Embrace the “new normal” of post-COVID-19 society
Self-care tips from BGSU students
BGSU faculty offer tips for you to thrive in a COVID-19 society
By Kandace York
In March 2020, COVID-19 changed the way many people live. Adjusting to that post-COVID-19 life may take some new skills. Faculty members at Bowling Green State University share tips to thrive, focusing on three areas: physical activity, nutrition and mental health.
It’s easy to feel like your clothes are getting tighter. In isolation, you probably move around less, and what was once lean muscle is now fat, which takes more space. Dr. Jess Kiss, an assistant teaching professor who teaches exercise science in the College of Education and Human Development’s School of Human Movement, Sport and Leisure Studies recommended including physical activity as a regular part of your day.
- During your lunch hour, walk outside, sit down and enjoy your lunch there instead of heating up lunch and eating it at your work station.
- Take socially distanced nature walks before or after work, or during an occasional lunch hour.
- Stand up, if you can; you can even make a standing workstation from boxes or books.
“Check out the health/wellness opportunities through the Student Recreation Center,” she added. “I especially like the THRIVE program. They have virtual exercise classes, links to mindful meditation and educational sessions that focus on using exercise as medicine.”
The size of your grocery bill might not be the only thing that grew in recent months. Stress-eating can be an issue, said Dr. Carrie Hamady, an associate clinical professor of food and nutrition in the College of Health and Human Services. As a registered dietitian, she directs the University’s undergraduate dietetics program
- Drink water because sometimes you are thirsty and not hungry.
- Understand that sometimes it is OK to eat comfort food. “Food nourishes us in many ways. If you are just having a bad day and want some ice cream, go get a single serving of that,” she said. “However, if you realize that those bad days are recurring and food continues to be your ‘go to,’ then speaking to a registered dietitian about how to better work with that would be a good idea.”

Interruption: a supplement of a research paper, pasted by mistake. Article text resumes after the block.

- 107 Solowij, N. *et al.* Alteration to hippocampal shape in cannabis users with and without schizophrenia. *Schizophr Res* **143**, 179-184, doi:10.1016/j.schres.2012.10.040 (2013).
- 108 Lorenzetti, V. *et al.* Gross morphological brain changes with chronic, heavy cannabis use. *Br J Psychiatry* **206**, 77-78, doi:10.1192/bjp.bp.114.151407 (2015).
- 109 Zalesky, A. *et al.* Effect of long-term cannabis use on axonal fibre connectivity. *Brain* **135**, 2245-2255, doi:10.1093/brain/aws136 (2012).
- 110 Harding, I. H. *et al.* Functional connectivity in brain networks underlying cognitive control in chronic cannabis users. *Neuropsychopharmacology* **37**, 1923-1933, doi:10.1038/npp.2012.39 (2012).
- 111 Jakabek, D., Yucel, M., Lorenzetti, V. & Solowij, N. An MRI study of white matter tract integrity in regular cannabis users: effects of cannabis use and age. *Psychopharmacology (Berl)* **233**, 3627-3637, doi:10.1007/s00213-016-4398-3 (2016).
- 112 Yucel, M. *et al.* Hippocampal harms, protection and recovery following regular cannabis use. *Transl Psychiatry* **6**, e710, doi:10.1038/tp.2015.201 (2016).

- Pay attention to protein, fiber and whole grains. Even “light” snack calories add up, and empty calories are the worst. “If you need a pick-me-up between meals, I would recommend snacks that include a mix of all macronutrients, protein, carbs and fat. Good choices might include yogurt and fruit, peanut butter and celery or apples, apples and cheese, nuts and fruit, or veggies and hummus.
The mental impact of COVID-19 and its surrounding protocol can be daunting, said Dr. William O’Brien, psychology. He is the interim director of the University's clinical psychology program. He directs its Mindful Behavior Therapy and Psychophysiology Lab and coordinates the University’s graduate program in the psychology department.
“COVID-19 represents a very difficult challenge for us. It is undetectable to human senses, yet can create severe harm and even death,” he said. The University offers a remote counseling center, and he recommended contacting a mental health professional when feeling overwhelmed.
"Everyday actions make a difference," he said:
- Adaptive responses – like mask-wearing, social distancing, reading the scientific literature on COVID-19 and engaging in rewarding activities reduce anxiety, promote accurate understanding, promote well-being and lessen risk for COVID-19.
- Realize that you can engage in small acts of heroism by utilizing personal protective equipment, physically distancing yourself from others, and providing encouragement and support to persons who are struggling.
- Know that you are important. “This is not unlike the times that our country has been tested in major threats like WWII,” O'Brien said. “Humble, determined and selfless acts of courage, and a willingness to suffer for the greater good bring honor into one's life."